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Teeth4all dental implant bridge

The Dental Implant

What is a dental implant?

A dental implant is a tiny metal screw, engineered with very high precision technology. It works as an artificial tooth root and has been in use since the 1950s. Dental implants can be of different materials, widths, and lengths and there are currently hundreds of dental implant brands on the market.

Titanium dental implant
Fig 1: Titanium implant

How does a dental implant work?

Once an implant has been placed surgically into your jawbone, the surface fuses with the surrounding bone (a process known as osseointegration). You will then undergo a healing period of between three to six months for this to take effect. This makes the dental implant stable and strong enough to support a prosthetic tooth so that your replaced tooth can withstand the forces of biting and chewing comfortably. At the same time, the gingiva around the implant adheres to the implant collar and abutment, to create a seal against any bacteria trying to reach the implant.

Fig 2: Dental Implant System

When the healing is completed, an abutment is screwed into the dental implant, connecting the implant to the prosthesis.  Sometimes, however, it is possible to place the abutment at the same time as your dental implant and have a temporary crown fitted. Once healed, your temporary prosthesis will be replaced with a permanent one, completing your dental implant procedure.

Continue reading to discover:

Why The Implant Brand Matters

How Long Implants Last

How Implants Can Differ

The Cost Of An Implant


What is the best dental implant brand?

dental implant brands
Dental implant brands

It is always worth finding out which implant of dental implant your dentist recommends and if they have other options for you, and do some research. Not all brands have invested equally in long term quality and clinical predictability.

Today, there are several hundreds of dental implant brands available, all with their own characteristics, prices, and predictability level (the probability of a successful treatment outcome).  Dentists tend to have one or two different brands in their practices. Each dental implant brand and design has its own surgical material, technical limitations, and requires specific training. Dentists are thus dependent on their implant brand’s capabilities to treat their cases as well as possible.

One thing to consider when choosing a dental implant is that your needs will evolve with time. For example, you may need to add an additional implant or change out your prosthesis in the future. And if you are not able to go and see your previous dentist, such as in case of an emergency, relocation, or travel, you will need to find a new dentist. In these cases, the use of a popular and more well-established brand will not only make it easier for you to get the same brand when going to see a new dentist but also gives you a wider choice of fitting abutments and prosthetics when needing to change something.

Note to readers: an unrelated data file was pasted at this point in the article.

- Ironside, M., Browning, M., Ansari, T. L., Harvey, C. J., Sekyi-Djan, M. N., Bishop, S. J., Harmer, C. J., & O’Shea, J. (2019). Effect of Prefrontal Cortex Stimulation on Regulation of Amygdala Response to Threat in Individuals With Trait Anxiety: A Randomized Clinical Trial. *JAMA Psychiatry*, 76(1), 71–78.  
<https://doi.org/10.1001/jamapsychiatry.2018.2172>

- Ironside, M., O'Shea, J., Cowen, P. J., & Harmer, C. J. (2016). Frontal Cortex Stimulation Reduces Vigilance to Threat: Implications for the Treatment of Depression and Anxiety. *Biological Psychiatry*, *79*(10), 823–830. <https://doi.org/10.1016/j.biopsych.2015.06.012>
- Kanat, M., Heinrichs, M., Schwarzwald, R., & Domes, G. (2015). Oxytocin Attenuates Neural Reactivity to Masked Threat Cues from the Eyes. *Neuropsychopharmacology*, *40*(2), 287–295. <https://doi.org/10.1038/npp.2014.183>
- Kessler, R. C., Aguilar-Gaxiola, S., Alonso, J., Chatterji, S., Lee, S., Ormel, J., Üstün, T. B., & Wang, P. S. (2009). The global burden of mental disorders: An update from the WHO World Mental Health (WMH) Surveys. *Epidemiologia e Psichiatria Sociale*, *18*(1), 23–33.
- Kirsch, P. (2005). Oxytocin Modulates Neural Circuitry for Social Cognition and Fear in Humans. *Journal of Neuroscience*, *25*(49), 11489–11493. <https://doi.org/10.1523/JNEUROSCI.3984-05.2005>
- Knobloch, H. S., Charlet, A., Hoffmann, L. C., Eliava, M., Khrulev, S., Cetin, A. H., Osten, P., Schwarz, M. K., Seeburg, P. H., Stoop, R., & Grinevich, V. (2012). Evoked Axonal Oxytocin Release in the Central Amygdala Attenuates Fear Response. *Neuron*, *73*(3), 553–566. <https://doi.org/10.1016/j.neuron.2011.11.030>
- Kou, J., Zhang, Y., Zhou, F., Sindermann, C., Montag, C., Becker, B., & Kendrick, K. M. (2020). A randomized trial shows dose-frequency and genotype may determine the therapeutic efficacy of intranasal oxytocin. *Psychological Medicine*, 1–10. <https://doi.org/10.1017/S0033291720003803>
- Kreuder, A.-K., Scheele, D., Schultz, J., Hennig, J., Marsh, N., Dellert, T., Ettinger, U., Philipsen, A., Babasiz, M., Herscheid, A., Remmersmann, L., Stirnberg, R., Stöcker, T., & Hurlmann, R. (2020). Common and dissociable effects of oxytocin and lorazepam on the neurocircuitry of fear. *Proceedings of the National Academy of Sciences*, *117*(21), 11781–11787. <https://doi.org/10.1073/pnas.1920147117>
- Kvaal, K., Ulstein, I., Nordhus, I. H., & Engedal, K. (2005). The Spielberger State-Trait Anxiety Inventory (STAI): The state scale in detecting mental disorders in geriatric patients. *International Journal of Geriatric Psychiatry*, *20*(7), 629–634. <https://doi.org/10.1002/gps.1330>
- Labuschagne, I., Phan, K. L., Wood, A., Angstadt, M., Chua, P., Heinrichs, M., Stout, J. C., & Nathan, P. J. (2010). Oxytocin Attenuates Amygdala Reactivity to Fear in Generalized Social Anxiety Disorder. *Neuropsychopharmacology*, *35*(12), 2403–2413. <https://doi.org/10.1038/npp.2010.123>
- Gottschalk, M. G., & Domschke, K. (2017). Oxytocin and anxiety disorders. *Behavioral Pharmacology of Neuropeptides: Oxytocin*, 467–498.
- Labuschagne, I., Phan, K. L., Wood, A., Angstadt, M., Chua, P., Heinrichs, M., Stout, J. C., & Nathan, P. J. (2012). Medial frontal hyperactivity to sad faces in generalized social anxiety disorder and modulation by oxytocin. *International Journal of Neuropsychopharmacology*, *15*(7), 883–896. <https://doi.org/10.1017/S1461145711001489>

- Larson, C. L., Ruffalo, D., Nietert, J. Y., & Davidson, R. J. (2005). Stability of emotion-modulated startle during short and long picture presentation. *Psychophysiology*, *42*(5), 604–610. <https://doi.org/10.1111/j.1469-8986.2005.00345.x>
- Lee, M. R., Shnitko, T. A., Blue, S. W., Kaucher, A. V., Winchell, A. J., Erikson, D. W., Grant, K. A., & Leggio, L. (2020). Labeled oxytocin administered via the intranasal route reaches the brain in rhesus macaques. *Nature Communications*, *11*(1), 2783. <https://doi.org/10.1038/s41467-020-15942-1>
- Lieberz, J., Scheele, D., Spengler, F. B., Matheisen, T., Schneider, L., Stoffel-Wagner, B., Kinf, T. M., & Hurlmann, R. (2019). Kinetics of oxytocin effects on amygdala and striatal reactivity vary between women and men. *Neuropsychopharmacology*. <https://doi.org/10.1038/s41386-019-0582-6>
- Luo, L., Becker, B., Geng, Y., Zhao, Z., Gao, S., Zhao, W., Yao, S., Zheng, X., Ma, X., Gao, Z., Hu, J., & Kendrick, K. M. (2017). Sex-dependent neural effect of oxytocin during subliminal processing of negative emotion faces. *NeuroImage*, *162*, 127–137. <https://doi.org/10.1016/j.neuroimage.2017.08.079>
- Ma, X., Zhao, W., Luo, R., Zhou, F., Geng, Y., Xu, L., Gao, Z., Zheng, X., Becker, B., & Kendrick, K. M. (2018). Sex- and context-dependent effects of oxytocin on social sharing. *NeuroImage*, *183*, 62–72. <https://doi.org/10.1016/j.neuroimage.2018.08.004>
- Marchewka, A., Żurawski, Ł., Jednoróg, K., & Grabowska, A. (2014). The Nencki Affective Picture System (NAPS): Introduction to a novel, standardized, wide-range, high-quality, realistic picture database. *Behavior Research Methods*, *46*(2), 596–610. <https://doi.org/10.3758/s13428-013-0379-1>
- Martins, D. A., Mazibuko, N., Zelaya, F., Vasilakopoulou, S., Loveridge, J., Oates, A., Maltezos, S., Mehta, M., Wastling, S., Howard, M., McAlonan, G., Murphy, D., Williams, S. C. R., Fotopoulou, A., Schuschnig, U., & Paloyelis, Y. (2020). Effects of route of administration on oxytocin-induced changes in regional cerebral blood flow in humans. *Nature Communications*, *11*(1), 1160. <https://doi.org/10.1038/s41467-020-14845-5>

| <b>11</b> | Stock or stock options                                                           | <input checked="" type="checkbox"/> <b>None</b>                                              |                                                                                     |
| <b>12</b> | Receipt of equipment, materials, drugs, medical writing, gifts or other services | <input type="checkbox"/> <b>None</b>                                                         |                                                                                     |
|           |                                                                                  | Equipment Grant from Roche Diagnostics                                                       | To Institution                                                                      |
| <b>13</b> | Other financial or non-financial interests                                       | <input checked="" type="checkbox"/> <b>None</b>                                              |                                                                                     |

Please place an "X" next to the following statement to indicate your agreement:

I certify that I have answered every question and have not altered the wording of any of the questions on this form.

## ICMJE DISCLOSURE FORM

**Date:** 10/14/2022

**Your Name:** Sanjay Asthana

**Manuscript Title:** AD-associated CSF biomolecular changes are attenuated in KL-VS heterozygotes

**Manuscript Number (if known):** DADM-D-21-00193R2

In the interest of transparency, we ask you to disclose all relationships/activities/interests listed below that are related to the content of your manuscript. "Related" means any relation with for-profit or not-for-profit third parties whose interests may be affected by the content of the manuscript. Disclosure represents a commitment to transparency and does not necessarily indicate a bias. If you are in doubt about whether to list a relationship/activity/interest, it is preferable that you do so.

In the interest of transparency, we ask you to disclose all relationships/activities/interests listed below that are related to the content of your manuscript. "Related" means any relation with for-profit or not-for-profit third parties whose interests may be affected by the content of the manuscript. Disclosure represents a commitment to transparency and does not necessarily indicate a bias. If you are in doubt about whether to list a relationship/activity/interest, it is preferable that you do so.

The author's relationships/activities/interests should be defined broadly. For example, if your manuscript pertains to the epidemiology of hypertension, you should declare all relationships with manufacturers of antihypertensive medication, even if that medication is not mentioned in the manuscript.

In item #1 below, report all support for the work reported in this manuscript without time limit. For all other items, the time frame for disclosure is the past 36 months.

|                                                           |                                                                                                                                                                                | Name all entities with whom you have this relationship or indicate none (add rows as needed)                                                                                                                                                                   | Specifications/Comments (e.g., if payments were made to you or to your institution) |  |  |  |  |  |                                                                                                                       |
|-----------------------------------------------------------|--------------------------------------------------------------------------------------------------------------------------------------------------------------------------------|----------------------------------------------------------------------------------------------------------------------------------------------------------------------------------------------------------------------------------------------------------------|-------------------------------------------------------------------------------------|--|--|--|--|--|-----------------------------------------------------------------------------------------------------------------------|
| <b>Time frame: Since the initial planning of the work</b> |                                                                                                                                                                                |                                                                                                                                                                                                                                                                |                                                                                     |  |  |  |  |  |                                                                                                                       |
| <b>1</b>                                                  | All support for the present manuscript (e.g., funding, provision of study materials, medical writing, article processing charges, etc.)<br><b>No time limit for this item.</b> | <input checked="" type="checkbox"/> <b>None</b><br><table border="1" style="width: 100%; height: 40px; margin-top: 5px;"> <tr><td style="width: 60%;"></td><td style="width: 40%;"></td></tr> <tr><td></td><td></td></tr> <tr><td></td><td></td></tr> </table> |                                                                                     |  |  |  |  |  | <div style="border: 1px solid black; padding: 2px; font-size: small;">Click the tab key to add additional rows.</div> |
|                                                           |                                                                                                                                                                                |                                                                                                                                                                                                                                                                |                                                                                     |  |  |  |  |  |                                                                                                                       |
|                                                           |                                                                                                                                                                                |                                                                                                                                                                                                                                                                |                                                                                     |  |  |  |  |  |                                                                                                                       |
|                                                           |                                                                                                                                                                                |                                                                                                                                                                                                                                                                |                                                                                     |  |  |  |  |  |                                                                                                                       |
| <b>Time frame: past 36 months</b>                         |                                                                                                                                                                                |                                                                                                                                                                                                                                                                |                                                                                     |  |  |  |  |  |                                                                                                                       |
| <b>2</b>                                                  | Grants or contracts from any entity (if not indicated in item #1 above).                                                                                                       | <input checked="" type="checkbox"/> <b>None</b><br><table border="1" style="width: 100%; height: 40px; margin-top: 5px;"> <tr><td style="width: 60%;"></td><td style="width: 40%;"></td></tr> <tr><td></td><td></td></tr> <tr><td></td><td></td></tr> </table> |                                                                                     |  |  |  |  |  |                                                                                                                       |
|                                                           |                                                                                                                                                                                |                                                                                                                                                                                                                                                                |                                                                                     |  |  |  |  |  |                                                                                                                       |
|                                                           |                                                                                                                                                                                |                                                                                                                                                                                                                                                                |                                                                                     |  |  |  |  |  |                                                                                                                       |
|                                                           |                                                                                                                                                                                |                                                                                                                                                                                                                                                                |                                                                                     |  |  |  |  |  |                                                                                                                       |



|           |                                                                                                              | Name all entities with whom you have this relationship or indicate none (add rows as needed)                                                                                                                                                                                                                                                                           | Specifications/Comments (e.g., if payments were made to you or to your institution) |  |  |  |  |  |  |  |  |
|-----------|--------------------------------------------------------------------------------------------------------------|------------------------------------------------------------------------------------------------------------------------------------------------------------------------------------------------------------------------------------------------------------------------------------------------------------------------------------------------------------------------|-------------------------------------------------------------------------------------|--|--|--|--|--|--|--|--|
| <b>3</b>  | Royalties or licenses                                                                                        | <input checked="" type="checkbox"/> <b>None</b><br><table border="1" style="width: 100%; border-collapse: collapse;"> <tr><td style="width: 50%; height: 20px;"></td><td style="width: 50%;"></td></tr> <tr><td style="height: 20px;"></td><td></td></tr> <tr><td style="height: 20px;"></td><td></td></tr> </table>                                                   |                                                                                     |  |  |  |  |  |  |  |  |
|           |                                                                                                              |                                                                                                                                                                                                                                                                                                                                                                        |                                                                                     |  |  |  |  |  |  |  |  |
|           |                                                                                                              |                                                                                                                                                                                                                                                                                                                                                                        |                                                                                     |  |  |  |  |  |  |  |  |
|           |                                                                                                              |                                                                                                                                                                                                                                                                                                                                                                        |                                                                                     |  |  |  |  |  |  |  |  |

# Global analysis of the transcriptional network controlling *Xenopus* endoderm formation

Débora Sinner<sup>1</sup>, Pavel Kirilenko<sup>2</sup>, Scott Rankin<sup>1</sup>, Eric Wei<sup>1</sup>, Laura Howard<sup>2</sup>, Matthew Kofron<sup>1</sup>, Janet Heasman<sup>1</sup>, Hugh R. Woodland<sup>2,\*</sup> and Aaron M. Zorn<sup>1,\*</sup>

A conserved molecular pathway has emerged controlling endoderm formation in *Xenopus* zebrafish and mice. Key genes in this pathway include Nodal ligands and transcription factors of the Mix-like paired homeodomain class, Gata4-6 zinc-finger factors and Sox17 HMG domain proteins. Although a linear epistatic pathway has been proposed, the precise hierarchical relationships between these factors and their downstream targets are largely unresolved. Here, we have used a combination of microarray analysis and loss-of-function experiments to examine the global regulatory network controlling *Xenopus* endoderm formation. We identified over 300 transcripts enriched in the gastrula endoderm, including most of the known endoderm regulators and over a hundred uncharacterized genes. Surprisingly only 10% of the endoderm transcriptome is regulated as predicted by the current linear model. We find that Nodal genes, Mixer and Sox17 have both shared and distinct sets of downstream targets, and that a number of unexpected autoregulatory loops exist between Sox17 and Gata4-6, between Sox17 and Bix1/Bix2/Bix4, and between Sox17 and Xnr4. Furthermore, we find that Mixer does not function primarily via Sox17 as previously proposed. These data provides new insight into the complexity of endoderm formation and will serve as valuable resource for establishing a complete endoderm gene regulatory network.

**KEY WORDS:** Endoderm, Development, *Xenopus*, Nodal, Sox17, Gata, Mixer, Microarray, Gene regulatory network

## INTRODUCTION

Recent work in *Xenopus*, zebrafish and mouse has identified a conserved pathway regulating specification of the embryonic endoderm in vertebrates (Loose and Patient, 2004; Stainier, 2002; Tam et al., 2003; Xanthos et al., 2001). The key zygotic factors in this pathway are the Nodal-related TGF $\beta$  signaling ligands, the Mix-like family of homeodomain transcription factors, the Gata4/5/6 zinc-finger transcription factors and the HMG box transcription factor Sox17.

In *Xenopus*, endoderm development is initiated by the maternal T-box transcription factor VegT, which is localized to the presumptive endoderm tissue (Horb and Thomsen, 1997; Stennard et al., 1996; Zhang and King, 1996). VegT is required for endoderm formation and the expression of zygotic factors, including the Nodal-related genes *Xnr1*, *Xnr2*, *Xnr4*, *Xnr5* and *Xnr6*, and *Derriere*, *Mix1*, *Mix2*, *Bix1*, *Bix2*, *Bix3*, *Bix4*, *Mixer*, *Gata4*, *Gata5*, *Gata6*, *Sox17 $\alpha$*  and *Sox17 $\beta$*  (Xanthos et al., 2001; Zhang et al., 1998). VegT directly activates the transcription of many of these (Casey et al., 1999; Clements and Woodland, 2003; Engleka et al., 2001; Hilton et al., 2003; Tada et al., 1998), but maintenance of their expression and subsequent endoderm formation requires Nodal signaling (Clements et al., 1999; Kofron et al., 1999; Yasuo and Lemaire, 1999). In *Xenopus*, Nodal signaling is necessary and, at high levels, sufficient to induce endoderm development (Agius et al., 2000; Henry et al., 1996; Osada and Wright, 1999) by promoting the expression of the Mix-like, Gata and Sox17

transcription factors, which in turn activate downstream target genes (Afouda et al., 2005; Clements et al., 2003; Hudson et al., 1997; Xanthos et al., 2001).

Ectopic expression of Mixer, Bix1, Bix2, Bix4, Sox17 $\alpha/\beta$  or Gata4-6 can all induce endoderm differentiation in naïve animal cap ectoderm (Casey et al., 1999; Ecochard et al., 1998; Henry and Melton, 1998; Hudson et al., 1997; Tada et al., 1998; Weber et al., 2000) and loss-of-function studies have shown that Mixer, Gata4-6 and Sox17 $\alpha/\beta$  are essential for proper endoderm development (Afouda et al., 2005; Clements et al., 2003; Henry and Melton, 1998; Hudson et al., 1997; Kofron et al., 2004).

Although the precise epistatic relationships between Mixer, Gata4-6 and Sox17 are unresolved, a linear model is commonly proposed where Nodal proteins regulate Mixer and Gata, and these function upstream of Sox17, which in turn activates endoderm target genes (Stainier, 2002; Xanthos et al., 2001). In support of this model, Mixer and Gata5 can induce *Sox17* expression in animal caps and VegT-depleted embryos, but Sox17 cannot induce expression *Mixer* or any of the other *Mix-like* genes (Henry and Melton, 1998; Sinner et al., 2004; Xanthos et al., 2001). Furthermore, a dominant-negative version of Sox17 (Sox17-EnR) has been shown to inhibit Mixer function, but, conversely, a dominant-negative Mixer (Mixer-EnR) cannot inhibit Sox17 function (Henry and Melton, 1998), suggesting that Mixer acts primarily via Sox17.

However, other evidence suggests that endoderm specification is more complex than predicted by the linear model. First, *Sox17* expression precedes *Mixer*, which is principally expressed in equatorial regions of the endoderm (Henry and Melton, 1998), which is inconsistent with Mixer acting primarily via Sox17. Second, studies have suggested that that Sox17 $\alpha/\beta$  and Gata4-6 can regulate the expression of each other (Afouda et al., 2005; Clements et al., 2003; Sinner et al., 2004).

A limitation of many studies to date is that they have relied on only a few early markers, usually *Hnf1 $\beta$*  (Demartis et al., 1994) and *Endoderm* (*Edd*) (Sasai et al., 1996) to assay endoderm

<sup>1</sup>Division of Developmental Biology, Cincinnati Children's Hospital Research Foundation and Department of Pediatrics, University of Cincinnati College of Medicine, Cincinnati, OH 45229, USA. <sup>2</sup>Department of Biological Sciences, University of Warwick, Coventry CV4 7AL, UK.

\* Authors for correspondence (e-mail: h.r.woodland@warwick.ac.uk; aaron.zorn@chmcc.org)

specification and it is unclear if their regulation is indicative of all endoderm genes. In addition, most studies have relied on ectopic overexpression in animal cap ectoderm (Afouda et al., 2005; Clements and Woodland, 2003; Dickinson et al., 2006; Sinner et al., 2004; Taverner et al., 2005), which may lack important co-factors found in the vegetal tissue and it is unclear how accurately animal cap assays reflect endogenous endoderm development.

Typically, there are innovative companies that invest a significant portion of their resources into clinical research and have a strong business foundation and then there are copy-cat companies that copy the more innovative companies and spend little time and money into clinical research and present weaker business sustainability.

Innovation is meant to improve the quality of dental implant treatments, whereas copying helps to reduce the cost of the product in order to sell more of them.

Clinical research includes the effort invested into the research, development, production, and testing of a dental implant. It is meant to make sure that the implant is safe, performs over long-term, and provides health benefits that outbalance its costs. To be credible, clinical research must be reviewed and published in an international scientific journal. Click here to check how many times an implant brand is quoted in biomedical literature.

Sustainability is meant to ensure that the manufacturer of the implant is still going to be active in 10 or 20 years from now. When an implant is not available anymore, the dentist faces two challenges if they have to add one or more implants. Identify the implant correctly and have a compatible implant connection for their prosthesis. The choice the patient makes today can spare them troubles in the future.

Test of dental implant brands

Sometimes the quality of copycat brands leads to clinical disasters [1]. To minimize risk and improve patients’ chances of dental implant success, clinicians should select products that have documented scientific evidence of their performance[2]. There is an independent foundation testing the quality of dental implants called The CleanImplant Foundation. Check here to see if your dental implant is on their list of trusted implant brands.

“Mimics can be cheap in the short term, but costly in the long term” [3]

An implant treatment generally takes 12 to 18 months to complete and is a significant financial investment. This is why you do not want to have to redo your procedure or experience unnecessary complications if avoidable. With thorough planning and good dental care, and when performed by a qualified and experienced dental practitioner, high-quality dental implants should last you a lifetime.


Dental implants for event?